Straight Talk: Sexual Assault

Straight Talk

Sexual assault is any type of sexual activity or sexual contact that a person does not give their consent to.  It is also known as sexual abuse or sexual violence.  Typically, sexual assault includes three categories: 1) penetration of a body part by another body part or object 2) contact of genitalia or other intimate body parts or 3) exposure to genitalia or other body parts.  Sexual assault is related to sexual harassment in which a hostile environment is created using inappropriate jokes, comments, looks or other body language that has sexual connotations.  Both sexual assault and sexual harassment are considered crimes and are reportable offenses. 

According to the U.S. Department of Health & Human Services, four of five women who are raped, are raped before the age of 25.  40% of women who have been raped (which amounts to 2 of 5 women) were assaulted before the age of 18.  Additionally, while both women and men commit sexual assault, more than 90% of perpetrators or crimes against women are men.  The National Sexual Violence Resource Center identified that more than ¼ of male victims of assault experienced their first assault when they were 10 years old or younger.  Further, 1 in 5 women (18.3%) and 1 in 71 men (1.4%) in the United States have been raped at some time in their lives.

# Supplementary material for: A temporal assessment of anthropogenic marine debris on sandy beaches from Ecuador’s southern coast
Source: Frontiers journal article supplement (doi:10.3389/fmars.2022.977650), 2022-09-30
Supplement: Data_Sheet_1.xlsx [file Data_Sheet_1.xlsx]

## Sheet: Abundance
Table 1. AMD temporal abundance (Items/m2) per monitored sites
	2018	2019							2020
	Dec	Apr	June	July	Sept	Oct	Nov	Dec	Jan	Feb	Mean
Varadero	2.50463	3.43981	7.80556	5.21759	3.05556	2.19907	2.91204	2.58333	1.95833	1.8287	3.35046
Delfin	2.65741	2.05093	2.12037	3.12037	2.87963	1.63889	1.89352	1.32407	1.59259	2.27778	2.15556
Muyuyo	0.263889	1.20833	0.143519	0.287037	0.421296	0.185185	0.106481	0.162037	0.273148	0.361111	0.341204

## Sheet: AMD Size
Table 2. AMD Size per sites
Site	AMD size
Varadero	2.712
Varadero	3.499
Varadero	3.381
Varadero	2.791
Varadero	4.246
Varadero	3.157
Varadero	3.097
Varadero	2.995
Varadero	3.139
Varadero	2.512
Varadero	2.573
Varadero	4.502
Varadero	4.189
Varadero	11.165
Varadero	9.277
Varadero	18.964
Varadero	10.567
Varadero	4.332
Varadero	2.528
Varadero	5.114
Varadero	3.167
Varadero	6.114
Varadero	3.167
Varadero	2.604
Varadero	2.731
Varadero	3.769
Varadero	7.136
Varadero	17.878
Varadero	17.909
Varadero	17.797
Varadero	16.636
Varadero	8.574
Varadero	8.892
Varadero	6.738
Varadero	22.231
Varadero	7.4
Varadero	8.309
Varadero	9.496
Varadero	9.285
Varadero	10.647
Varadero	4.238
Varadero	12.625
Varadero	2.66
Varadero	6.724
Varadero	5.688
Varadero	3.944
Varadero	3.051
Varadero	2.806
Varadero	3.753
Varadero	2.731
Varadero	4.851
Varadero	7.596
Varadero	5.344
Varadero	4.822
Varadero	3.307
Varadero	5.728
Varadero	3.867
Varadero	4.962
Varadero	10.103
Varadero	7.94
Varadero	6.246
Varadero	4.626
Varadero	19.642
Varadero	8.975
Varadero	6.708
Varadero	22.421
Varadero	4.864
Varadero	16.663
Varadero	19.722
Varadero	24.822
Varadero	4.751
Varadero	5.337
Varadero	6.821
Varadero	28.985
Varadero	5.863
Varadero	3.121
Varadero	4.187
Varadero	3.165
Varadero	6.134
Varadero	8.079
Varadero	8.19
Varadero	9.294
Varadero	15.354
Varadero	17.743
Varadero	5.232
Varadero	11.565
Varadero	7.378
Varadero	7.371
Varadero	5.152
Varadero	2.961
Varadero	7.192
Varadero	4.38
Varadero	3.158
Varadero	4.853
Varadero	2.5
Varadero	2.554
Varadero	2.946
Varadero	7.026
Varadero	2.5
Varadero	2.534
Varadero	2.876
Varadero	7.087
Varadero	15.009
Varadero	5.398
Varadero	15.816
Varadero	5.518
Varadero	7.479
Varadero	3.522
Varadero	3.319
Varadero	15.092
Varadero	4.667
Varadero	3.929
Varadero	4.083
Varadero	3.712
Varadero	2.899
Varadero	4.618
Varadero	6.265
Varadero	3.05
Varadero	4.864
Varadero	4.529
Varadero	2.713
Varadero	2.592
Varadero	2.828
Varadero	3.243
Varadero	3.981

Sexual assault can happen to anyone, including children, elders, and those with disabilities.  Additionally, most sexual assaults are committed by someone that the victim knows, like a friend, acquaintance, relative, a date or even a partner.  Sexual assaults can include marital rape (being forced into sexual activity by one’s spouse) and drug facilitated rape, more commonly known as being roofied.  This is because one of the most used date rape drugs is called Rohypnol, an odorless and colorless drug that can easily be slipped into someone’s drink without them noticing.  It is specifically used to incapacitate someone for the purpose of committing an assault. Often a person doesn’t even know they’ve been roofied because they’ve already been drinking.  However, some clear indicators of being roofied are disorientation, loss of consciousness, dizziness, throwing up, and even amnesia.

If you have any questions or want to talk to someone contact the Counseling Center who provides services for these types of situations.  Often people don’t realize that counseling services are covered by most major health insurances.  If you have questions or would like to schedule an appointment, please contact Hooko LLC at 808-375-7712 or visit online at www.hookollc.com

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